My daughter was born at the beginning of the pandemic — March 17, 2020. Family soon meant something completely different to us. Survival felt more real to us than it ever had. We hunkered down and became a tight-knit family in our nest and stayed as safe as we could.
Never a nester, I was now moving around dirt and rocks to make our apartment a safe and cozy nest. This was where I truly fell in love with my daughter, Marcelline. I also found a new love for my husband, Evan, when, after a particularly rough night, I suggested we move Marcelline’s bassinet from his side of the bed to mine. Since he was just passing her to me to feed, it didn’t make sense for him to lose as much sleep as me.
Evan shook his head and said, “I just like her being close to me.”
When my mother came out to help us for four months, I saw her love in a new way too. She never once got frustrated with Marcelline, who cried and cried as my mother held her close and sang to her. When Marcelline fell asleep, my mother asked for a pillow so she could prop the arm holding up my sleeping baby’s head. Then they sat there and rocked for hours.
“You did this for me?” I asked.
She nodded and smiled. I don’t remember my reply, but I’m sure I was crying. I was crying a lot during this time. I was my mother’s first child, so she couldn’t help but giggle through my freakouts and hold me tighter through my legitimate worries. She had learned with me, and now I learned from her, just as salmon return years later to spawn in the same stream where they hatched. I guess there’s a natural pull to make it back to where you came from, when you’re ready to make life yourself.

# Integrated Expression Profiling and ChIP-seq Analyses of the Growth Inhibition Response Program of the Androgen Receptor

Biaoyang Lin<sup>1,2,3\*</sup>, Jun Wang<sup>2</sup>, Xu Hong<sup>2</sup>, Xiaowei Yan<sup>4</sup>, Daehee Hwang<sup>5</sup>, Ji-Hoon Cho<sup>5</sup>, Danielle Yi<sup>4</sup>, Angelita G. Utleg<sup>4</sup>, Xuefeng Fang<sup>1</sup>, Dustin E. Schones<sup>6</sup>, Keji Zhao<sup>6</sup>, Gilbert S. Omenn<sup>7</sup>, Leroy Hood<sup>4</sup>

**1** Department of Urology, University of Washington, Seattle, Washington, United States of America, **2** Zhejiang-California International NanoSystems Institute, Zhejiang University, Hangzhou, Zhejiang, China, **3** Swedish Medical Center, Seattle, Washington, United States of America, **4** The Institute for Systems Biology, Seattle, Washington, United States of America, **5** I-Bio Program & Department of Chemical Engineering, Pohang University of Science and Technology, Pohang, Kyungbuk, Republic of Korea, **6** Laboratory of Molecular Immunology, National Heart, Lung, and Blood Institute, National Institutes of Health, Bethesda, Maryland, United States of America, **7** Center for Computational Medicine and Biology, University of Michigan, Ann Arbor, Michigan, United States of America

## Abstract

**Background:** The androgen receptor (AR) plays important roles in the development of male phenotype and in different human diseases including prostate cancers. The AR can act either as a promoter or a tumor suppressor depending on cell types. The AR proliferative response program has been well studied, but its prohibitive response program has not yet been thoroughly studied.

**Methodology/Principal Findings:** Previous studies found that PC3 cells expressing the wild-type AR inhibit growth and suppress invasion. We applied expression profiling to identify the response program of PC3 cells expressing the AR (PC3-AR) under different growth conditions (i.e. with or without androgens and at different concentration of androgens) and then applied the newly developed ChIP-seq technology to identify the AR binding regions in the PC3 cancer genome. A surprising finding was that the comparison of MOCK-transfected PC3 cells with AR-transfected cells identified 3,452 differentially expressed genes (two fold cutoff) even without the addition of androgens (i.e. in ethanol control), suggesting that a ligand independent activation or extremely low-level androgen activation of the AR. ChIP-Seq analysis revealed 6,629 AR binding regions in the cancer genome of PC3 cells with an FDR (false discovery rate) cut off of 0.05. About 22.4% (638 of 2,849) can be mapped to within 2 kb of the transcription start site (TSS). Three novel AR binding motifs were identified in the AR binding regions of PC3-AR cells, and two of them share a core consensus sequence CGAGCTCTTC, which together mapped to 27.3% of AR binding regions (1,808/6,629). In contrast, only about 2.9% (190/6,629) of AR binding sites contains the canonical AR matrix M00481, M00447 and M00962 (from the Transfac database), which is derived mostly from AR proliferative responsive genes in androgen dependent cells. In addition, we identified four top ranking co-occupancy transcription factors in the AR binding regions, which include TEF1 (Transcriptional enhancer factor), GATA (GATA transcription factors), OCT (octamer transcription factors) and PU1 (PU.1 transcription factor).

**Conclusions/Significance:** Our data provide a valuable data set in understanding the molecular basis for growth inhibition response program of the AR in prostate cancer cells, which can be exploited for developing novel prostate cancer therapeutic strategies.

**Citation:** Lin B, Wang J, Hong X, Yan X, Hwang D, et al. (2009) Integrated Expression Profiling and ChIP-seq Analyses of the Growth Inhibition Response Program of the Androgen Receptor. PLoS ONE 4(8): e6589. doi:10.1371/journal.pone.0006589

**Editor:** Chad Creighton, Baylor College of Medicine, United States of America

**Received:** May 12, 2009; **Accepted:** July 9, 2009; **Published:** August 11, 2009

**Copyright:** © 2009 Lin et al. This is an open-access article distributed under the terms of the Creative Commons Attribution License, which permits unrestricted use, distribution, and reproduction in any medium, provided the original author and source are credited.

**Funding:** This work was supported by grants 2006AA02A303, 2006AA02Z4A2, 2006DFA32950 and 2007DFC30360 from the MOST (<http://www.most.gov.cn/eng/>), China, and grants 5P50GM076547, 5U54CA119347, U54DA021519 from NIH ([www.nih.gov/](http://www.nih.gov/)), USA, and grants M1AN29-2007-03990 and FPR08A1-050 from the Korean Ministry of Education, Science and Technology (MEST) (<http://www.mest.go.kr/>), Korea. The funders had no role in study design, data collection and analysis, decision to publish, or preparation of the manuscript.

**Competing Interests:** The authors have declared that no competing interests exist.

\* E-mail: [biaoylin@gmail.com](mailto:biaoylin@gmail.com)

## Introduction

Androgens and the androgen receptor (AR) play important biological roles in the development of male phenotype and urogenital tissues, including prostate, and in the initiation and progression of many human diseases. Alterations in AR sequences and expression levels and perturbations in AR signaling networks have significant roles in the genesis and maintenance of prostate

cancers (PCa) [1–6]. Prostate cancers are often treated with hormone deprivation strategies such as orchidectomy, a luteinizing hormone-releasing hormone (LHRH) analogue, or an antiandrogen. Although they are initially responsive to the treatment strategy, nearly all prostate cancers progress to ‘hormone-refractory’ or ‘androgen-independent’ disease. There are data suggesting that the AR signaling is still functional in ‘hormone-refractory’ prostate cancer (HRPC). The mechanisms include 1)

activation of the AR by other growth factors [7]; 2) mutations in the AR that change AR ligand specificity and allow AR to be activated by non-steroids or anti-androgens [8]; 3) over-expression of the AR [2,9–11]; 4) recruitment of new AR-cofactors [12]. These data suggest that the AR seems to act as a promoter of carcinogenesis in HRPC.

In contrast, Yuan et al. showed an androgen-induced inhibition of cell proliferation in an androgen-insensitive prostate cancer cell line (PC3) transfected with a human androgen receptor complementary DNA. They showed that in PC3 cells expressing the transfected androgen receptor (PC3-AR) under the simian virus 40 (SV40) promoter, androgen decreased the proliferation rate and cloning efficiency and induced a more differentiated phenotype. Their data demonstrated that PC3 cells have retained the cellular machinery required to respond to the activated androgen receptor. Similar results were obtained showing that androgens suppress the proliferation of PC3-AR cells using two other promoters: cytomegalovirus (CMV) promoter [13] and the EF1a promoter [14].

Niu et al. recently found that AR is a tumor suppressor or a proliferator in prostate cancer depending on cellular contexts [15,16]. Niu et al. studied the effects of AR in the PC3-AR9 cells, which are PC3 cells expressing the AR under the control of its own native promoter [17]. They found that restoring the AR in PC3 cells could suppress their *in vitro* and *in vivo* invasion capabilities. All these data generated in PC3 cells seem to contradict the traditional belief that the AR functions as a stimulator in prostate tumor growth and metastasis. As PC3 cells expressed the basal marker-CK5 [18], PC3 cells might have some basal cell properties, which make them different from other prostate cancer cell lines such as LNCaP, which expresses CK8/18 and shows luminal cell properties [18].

I did feed my baby with my body. I get it, salmon. We will give anything to help this being we love to survive and thrive. And I know to some parents, that’s formula; to others, it’s someone else’s breast milk. For me and my daughter, it was my breasts. My chest got so big that I laughed thinking about some of my go-to presentation outfits, because they would not fit anymore, not even close.
I did get another job, in public radio. I had to pump my breast milk from the studio to keep Marcelline fed. To get her to take a bottle, I had to hide on the floor of my bedroom while my mother walked my daughter around the apartment, trying to get this new way of feeding to take without the original source of milk in sight.